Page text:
You are correct in saying that there are special features, but many of these (such as namespaces) are already present in "standard" wiki software. Most of the special features are nothing more that SQL querries encoded into the user interface. The wiki syntax is based on UseModWiki, with few changes.
Overall, the only thing that makes Phase III seem like non-standard software is we are the only project using it. :)
Yes, various projects have decided to use it, despite our warnings. :) See WikiPedia:Wikipedia:Projects_using_Wikipedia_software (my, but InterWiki links to non-article namespaces are UgLy...) -- StephenGilbert
I don't understand the word egregious in this context. It's natural that the wiki inspires software developers, but more and more people just want to use the "tool wiki" without developing it. The lack of standardisation is no problem for us, but for making the wiki popular among normal people. I don't speak for standardization, but I think that standardization will become important in a few years. It's inevitable. The wiki run by a developer is an "expensive" special case. I agree with you that fragmentation is good, because it creates freedom and space for exploration. I agree with Ward that fragmentation is bad, because it creates borders between the different systems (there is a cost for people and data to pass them). This is one of the paradoxes that allow the wiki to be such an interesting and lively phenomenon. -- HelmutLeitner
Some questions to consider: What makes UseModWiki and MoinMoin standard? What make Wikipedia Phase III non-standard? Is SeedWiki standard? How about Wiki:AwkiAwki? If these questions can't be answered, one would have to conclude that there is no standard for wiki software. Thus, the statement "The typical wiki uses a standard software" becomes meaningless. -- StephenGilbert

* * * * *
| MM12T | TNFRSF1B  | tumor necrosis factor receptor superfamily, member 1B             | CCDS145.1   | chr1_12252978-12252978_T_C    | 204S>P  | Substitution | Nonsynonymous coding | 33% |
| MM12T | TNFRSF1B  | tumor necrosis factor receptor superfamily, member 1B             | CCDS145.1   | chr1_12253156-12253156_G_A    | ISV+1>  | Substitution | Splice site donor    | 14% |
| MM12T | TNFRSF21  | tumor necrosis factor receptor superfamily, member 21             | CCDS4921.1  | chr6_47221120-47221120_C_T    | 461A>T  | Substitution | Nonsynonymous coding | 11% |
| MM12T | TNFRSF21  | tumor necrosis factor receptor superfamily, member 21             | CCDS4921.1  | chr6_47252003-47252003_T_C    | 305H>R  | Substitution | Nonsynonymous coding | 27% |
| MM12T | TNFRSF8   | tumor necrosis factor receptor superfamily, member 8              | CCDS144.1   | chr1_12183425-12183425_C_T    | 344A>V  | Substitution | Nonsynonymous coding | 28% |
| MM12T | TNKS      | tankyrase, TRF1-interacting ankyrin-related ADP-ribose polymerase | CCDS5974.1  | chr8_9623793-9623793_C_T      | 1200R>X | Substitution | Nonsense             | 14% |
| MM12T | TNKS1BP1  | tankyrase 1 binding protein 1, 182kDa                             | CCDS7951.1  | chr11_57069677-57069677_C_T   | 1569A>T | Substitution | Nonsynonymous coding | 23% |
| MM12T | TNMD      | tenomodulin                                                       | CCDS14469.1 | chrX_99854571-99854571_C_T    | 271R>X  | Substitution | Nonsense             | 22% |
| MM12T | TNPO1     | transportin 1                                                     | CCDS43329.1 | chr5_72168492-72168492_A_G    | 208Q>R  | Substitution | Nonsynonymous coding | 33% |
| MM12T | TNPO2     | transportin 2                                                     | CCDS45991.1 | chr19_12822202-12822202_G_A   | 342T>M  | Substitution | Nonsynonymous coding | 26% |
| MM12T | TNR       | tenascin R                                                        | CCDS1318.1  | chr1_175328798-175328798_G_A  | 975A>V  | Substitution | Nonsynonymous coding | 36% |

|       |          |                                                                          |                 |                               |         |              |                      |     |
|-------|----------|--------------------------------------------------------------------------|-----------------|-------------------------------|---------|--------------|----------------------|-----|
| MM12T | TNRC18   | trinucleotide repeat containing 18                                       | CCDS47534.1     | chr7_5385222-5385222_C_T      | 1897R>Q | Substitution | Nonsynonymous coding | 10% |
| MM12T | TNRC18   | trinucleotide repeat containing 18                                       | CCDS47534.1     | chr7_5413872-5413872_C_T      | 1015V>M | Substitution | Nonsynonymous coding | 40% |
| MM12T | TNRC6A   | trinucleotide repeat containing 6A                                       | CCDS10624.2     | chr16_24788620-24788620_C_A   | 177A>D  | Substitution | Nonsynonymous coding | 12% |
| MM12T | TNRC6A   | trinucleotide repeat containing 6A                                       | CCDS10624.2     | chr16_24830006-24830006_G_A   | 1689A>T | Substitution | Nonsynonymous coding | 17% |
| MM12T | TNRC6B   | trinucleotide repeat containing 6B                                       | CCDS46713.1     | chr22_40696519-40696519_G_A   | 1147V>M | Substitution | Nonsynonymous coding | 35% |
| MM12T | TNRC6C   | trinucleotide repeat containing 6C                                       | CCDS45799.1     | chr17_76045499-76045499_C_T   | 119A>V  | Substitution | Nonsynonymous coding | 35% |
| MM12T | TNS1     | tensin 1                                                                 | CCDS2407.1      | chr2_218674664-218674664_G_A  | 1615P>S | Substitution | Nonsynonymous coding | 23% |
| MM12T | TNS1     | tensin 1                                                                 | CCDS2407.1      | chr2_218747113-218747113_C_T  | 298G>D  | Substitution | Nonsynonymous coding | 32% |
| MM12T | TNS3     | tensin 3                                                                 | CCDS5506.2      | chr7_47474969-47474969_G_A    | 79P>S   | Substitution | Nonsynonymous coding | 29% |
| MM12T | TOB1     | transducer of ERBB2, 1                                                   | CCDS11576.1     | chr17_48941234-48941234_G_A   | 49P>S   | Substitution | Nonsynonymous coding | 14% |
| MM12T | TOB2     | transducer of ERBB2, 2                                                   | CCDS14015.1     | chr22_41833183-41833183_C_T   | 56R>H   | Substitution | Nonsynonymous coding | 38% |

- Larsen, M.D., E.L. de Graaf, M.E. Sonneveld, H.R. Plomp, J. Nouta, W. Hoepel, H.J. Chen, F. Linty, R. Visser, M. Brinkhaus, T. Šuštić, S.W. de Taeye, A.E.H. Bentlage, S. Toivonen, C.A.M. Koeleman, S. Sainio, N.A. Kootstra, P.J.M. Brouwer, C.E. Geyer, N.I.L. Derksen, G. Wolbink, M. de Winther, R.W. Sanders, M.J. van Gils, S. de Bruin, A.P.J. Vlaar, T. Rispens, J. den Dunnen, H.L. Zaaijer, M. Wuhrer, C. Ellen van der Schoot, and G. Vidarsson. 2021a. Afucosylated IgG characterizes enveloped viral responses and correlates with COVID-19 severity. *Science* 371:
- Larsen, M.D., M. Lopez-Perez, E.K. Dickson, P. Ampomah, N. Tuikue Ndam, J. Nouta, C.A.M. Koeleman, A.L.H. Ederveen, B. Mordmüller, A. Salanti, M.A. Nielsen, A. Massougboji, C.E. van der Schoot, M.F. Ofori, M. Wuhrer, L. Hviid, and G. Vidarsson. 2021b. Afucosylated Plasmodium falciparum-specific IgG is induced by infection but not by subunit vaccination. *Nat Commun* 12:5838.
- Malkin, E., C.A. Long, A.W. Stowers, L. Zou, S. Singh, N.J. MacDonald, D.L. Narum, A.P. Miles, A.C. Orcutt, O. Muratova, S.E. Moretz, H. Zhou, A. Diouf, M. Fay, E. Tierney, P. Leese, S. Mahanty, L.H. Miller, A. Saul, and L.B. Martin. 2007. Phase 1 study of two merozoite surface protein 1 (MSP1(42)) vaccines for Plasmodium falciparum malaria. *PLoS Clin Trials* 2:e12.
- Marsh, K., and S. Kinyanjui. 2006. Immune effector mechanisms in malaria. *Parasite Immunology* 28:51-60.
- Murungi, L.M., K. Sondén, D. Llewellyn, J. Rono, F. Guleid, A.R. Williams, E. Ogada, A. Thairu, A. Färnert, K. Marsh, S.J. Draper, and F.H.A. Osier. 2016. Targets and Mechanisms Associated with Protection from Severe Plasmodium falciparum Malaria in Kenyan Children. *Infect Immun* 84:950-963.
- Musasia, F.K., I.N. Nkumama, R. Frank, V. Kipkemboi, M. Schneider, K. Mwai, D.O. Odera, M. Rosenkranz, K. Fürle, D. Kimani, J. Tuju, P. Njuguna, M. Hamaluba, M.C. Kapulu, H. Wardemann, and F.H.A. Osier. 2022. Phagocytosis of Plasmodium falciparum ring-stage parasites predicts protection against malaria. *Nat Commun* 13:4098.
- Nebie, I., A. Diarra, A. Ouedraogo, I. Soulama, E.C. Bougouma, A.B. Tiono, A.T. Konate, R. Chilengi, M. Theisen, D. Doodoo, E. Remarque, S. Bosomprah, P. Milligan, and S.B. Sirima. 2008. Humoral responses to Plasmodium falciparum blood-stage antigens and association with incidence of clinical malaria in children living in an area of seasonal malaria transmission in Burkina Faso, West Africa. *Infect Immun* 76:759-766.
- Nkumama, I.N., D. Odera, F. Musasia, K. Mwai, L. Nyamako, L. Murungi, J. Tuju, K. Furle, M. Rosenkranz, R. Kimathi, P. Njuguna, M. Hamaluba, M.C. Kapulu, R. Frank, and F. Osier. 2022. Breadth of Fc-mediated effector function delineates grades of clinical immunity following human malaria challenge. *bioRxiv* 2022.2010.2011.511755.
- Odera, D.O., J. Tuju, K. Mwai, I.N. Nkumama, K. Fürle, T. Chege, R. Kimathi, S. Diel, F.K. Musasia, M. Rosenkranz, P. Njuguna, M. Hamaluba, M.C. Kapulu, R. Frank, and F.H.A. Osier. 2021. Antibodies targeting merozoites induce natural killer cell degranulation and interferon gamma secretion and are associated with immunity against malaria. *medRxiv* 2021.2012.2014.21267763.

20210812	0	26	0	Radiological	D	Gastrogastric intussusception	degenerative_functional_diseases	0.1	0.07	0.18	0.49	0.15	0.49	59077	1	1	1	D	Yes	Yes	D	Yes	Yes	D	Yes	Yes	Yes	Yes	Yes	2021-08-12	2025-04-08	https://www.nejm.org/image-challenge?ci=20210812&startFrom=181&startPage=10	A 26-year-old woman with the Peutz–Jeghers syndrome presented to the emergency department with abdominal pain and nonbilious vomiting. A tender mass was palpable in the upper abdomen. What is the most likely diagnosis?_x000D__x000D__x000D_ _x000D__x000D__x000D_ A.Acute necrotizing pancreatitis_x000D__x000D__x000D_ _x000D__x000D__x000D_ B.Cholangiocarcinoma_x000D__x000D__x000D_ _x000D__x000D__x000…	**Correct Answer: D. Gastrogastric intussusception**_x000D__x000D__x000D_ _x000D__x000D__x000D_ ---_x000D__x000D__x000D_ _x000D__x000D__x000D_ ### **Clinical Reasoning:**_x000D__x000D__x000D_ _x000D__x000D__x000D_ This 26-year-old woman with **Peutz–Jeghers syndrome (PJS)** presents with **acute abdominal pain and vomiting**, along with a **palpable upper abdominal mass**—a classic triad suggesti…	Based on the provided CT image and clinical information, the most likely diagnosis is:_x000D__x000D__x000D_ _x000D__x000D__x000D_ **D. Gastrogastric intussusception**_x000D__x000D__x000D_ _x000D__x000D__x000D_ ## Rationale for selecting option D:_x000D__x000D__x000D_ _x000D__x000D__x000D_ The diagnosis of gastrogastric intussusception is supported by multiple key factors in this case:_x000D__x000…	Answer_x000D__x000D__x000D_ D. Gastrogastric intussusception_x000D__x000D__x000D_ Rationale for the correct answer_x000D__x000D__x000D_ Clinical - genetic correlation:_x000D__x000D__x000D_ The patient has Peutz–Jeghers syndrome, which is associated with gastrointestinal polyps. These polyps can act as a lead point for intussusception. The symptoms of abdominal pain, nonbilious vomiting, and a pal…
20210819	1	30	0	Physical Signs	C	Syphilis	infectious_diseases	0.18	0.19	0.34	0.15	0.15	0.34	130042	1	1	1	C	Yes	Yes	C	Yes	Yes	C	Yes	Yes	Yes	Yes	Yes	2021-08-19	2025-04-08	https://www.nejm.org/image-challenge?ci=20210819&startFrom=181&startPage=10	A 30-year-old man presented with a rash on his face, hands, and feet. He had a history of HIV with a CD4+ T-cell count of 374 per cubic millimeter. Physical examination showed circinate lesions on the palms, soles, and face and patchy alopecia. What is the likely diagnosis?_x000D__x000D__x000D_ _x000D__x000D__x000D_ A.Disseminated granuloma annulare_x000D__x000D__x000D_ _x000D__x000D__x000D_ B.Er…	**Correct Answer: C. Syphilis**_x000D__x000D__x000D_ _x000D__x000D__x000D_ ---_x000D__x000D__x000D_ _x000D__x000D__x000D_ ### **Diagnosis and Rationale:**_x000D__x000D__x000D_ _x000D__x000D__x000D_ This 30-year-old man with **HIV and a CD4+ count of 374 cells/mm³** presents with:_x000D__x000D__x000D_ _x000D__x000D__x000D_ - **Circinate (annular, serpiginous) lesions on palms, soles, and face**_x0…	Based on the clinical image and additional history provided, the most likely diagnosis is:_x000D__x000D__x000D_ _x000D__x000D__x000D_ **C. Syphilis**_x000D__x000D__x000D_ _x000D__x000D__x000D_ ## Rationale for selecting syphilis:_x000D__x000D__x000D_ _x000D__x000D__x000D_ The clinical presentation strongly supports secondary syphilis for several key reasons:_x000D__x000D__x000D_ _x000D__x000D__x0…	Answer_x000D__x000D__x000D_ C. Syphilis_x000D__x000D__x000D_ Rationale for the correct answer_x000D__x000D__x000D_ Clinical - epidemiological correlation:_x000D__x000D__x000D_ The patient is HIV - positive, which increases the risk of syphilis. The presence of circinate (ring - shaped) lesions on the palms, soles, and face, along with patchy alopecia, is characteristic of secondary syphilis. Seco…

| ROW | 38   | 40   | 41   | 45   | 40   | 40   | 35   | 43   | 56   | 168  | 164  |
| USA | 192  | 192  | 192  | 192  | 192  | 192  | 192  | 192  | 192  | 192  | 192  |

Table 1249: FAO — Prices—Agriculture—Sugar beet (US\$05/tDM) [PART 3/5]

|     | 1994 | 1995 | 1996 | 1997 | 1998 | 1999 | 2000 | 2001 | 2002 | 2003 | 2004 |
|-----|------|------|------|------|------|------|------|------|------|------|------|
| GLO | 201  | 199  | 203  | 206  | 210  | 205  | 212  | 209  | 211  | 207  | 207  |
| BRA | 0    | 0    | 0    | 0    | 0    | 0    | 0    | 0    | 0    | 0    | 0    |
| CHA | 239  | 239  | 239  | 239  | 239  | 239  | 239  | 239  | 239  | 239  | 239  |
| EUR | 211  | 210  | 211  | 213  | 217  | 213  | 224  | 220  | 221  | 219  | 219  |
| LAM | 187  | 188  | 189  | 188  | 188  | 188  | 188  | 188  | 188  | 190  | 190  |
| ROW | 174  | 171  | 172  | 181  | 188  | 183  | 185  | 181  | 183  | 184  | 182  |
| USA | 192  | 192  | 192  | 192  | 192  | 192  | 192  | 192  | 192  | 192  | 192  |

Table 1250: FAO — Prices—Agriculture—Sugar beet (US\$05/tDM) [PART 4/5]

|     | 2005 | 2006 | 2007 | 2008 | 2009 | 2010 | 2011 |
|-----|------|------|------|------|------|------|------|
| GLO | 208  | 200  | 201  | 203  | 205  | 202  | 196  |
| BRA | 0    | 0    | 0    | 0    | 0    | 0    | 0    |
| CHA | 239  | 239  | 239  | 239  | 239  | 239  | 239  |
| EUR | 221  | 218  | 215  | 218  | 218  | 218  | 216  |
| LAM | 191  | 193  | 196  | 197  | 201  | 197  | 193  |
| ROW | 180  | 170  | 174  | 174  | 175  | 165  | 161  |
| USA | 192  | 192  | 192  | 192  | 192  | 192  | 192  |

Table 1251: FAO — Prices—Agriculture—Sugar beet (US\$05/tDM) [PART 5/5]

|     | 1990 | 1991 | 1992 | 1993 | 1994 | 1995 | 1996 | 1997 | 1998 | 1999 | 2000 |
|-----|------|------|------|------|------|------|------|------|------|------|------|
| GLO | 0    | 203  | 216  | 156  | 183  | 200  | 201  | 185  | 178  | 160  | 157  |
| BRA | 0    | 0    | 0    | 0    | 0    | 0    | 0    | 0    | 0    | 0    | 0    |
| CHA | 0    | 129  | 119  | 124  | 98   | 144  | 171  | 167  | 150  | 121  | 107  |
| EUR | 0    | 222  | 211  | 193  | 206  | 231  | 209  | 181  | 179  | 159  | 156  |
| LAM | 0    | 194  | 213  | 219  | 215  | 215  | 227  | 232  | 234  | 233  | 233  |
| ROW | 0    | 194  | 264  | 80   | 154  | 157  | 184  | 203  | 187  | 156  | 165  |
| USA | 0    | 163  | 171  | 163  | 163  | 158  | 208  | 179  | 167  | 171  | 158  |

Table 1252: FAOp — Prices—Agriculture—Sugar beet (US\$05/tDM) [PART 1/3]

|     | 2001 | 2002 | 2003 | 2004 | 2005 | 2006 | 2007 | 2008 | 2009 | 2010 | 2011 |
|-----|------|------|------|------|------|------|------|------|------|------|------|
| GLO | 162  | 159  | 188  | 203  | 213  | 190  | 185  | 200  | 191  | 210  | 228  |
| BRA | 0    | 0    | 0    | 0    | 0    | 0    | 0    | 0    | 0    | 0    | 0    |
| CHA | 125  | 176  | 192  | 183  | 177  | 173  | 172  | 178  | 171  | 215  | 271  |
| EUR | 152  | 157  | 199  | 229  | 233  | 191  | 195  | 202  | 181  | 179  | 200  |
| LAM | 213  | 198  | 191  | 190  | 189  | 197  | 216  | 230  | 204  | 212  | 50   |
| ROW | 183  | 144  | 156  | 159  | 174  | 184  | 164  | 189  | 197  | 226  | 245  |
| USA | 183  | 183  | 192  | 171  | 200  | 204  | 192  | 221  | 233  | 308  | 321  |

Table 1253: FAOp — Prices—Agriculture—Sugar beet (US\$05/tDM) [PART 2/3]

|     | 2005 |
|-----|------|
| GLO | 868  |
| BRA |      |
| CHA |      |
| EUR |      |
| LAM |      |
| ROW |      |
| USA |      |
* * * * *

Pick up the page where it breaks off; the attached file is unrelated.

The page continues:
I don't understand the title of this page "Wikipedia is not typical". It assumes that there is something typical about other wikis, and I don't know if we can assume so. I think many of the points mentioned in this page are typical of any sufficiently big wiki. A big wiki that has grown organically is the same as one with many users, which requires its operator to devote much time to it, and probably tailor its software. The websites listed on the BiggestWiki page are either encyclopedic (WikiPedia, EnciclopediaLibre, SusningNu) or the home base of new software versions (WikiWiki, Twiki) or wiki hotels (FoxWiki, Twiki). I think a categorization into encyclopedic wikis, wiki hotels, and smaller community wikis is justified. But calling either of these "typical"? --LarsAronsson
The wikis meant to discuss the various WikiEngine implementations are also different from the mainstream. The wikis supporting the guerilla wireless projects are different from the mainstream. The wikis for children are different from the mainstream.
Why this need to harp on differences? When Wikipedia does something different, why talk about the deviation from some arbitrary norm? Something new is something interesting, and because it's working means it is something to learn from. It's not unlikely that what they do will change what people might consider "typical". I think it's important to remain fluid. -- SunirShah
[...to be refactored...]
The WikiPedia could be considered a bad example for this, because it originated in the earlier and commercial Nupedia project and used its infrastructure. So it was clear, that the contributors wanted a special protection against this commercial influence. Furthermore, Wikipedia is not nearly a typical wiki community. It has neither a real host, nor a design or infrastructure for its community. Its goal is content alone, which usually doesn't work out.
I think the Wikipedia has a very special situation that almost no other wiki will have. It is "content only" and "document mode only". I has "commercial history". Its defense seems to be "forking impossible because of high volume" and "needs special wiki software". That's the reason why the Wikipedia is not a good example for other wikis founded in totally different situations. -- HelmutLeitner
All of the comments and examples using WikiPedia sound like they were written by an outsider to the community. Some corrections and disagreements (that should probably be integrated with the above document):
Those comments are mine and I think they are correct although they are based on my experiences with the German WikiPedia community only. I'm aware that I will have to justify them. But it will only make sense if you don't see it as a discussion about a relative evaluation of the wikipedia but as a user feedback. If you are hurt by those comments, feel free to delete them. -- HelmutLeitner
Ok, there are quite a few points. Where to you want to start? Should we do this here, or on a separate page? -- HelmutLeitner
Even better, discuss Wikipedia at Wikipedia itself ... ;-)
I know, Helmut. It was a joke. Lighten up. :) -- StephenGilbert